Well, this could have been a good movie. It started off pretty solid; scientists find a crashed aircraft (vaguely reminiscent of The Thing), mixed in with Nazi experimentation, and an interesting premise. Unfortunately, it goes downhill from there, ultimately disintegrating to a remarkably straightforward plot, that does nothing to build off of the opening 15 minutes.
The acting is just OK, with a wasted Michael Ironside. Dominic Purcell comes across as kind of a cross between Gregory Peck and Steven Segal, showing some potential if given better material to work with. The other roles are all rather bland and unmemorable. This script is peppered with a couple of good lines, but it's not enough to help pull it out of it's remarkable mediocrity.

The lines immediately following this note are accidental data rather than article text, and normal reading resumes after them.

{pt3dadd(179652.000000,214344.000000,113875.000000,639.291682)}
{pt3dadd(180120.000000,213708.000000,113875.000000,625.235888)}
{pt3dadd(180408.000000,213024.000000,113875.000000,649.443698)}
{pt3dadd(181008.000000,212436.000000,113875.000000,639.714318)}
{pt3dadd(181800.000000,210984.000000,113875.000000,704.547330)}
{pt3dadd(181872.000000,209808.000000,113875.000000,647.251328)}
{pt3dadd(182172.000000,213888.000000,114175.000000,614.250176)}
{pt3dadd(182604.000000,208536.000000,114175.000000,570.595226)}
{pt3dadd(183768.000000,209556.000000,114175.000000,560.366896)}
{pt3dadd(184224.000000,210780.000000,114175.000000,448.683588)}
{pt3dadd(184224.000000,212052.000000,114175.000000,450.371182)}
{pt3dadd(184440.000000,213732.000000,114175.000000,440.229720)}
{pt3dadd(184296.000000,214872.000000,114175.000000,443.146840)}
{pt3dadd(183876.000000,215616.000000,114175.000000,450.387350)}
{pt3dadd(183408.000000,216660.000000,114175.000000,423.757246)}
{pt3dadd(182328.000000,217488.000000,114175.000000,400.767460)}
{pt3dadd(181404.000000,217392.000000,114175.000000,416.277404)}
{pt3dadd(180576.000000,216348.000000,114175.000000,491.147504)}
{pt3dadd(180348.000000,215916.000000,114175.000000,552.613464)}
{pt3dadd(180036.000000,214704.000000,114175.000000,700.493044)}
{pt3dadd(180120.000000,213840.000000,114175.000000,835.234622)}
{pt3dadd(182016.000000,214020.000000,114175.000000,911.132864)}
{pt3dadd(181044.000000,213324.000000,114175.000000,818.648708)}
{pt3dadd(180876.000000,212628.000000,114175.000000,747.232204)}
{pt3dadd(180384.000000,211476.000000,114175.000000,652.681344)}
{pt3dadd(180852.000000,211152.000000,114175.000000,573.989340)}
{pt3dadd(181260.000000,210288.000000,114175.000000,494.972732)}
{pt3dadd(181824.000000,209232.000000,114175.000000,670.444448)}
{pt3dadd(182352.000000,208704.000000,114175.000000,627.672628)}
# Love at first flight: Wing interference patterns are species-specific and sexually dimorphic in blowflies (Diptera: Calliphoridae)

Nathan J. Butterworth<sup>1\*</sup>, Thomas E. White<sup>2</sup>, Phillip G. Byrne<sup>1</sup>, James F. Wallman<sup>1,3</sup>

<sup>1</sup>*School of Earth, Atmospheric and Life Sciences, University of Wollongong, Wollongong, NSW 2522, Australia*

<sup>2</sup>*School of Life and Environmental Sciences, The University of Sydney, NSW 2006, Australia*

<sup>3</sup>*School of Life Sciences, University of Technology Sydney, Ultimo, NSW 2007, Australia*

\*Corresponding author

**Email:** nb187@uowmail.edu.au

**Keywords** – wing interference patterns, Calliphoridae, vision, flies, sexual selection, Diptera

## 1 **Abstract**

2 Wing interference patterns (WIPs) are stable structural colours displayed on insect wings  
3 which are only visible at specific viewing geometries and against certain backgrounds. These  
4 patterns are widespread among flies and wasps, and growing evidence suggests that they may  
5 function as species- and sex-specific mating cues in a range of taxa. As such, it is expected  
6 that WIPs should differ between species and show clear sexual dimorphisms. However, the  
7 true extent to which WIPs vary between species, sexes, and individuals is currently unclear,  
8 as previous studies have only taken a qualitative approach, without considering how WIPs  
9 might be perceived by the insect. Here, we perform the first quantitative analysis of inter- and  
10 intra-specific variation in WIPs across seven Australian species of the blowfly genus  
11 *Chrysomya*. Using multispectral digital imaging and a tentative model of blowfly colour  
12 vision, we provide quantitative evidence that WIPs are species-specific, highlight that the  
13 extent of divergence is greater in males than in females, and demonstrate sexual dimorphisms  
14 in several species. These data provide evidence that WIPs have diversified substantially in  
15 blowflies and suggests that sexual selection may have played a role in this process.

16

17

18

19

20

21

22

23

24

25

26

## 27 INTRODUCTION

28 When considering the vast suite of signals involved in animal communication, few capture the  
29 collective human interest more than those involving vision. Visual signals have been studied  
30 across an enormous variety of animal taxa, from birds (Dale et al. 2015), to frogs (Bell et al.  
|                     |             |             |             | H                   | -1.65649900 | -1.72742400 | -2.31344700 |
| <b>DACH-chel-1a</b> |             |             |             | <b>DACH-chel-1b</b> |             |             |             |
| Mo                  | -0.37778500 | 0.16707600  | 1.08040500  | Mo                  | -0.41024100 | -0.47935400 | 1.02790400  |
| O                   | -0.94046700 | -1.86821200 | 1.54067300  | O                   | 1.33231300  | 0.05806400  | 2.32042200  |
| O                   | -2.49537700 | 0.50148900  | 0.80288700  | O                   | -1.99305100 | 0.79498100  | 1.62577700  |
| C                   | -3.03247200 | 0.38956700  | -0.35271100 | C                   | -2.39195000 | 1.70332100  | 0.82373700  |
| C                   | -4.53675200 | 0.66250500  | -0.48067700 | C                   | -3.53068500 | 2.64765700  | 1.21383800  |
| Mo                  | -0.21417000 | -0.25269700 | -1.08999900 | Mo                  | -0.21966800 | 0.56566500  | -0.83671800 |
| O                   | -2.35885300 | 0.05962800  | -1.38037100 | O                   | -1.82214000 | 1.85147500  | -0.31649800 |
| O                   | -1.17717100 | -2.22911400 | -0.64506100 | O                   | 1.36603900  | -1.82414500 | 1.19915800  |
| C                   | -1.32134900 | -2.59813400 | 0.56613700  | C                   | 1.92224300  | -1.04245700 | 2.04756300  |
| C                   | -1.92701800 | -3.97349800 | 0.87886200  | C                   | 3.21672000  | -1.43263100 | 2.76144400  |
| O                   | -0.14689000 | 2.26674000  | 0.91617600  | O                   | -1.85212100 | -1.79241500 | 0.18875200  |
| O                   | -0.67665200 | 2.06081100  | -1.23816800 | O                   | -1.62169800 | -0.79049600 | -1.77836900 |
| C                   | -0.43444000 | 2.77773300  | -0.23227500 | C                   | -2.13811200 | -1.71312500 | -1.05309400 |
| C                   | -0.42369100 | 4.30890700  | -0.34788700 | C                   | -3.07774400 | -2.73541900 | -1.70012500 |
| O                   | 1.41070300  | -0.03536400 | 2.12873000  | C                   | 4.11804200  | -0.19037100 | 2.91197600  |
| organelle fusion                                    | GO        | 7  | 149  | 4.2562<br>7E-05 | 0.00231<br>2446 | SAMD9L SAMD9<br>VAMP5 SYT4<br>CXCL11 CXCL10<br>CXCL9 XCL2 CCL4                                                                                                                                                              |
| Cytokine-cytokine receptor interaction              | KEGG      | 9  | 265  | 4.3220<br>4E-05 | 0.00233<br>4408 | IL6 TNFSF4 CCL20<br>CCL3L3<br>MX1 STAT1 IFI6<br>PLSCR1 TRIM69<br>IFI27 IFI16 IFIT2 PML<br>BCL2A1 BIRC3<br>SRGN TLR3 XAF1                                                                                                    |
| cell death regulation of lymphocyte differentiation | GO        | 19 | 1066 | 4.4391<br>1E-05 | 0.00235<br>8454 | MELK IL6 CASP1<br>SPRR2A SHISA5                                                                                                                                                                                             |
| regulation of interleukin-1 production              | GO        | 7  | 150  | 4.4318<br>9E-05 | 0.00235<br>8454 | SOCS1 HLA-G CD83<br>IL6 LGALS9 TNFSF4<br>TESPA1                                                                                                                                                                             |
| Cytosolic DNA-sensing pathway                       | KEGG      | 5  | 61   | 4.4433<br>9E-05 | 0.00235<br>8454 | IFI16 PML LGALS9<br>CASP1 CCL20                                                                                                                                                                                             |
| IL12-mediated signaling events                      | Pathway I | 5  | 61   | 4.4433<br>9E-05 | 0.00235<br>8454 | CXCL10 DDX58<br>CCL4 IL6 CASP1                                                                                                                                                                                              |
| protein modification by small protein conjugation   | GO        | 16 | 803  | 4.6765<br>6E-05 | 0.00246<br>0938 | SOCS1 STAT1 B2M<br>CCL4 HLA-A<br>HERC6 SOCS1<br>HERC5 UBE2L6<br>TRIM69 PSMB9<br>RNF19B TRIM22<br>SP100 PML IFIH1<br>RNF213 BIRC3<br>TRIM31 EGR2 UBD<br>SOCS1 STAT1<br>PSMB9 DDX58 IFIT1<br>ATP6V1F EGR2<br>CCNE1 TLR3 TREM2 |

The whole affair comes across as a bad TV movie, with small-scale action scenes, set pieces, and scope of vision. This may be due to director Sturla Gunnarsson's background, which almost entirely in the TV realm, or maybe Gunnarsson was chosen for being able to produce content on a small budget. In either case, he's turned in a very small film, lacking in depth, character, and interest, squandering the germ that was at the heart of the story.
Not recommended, even as a rental.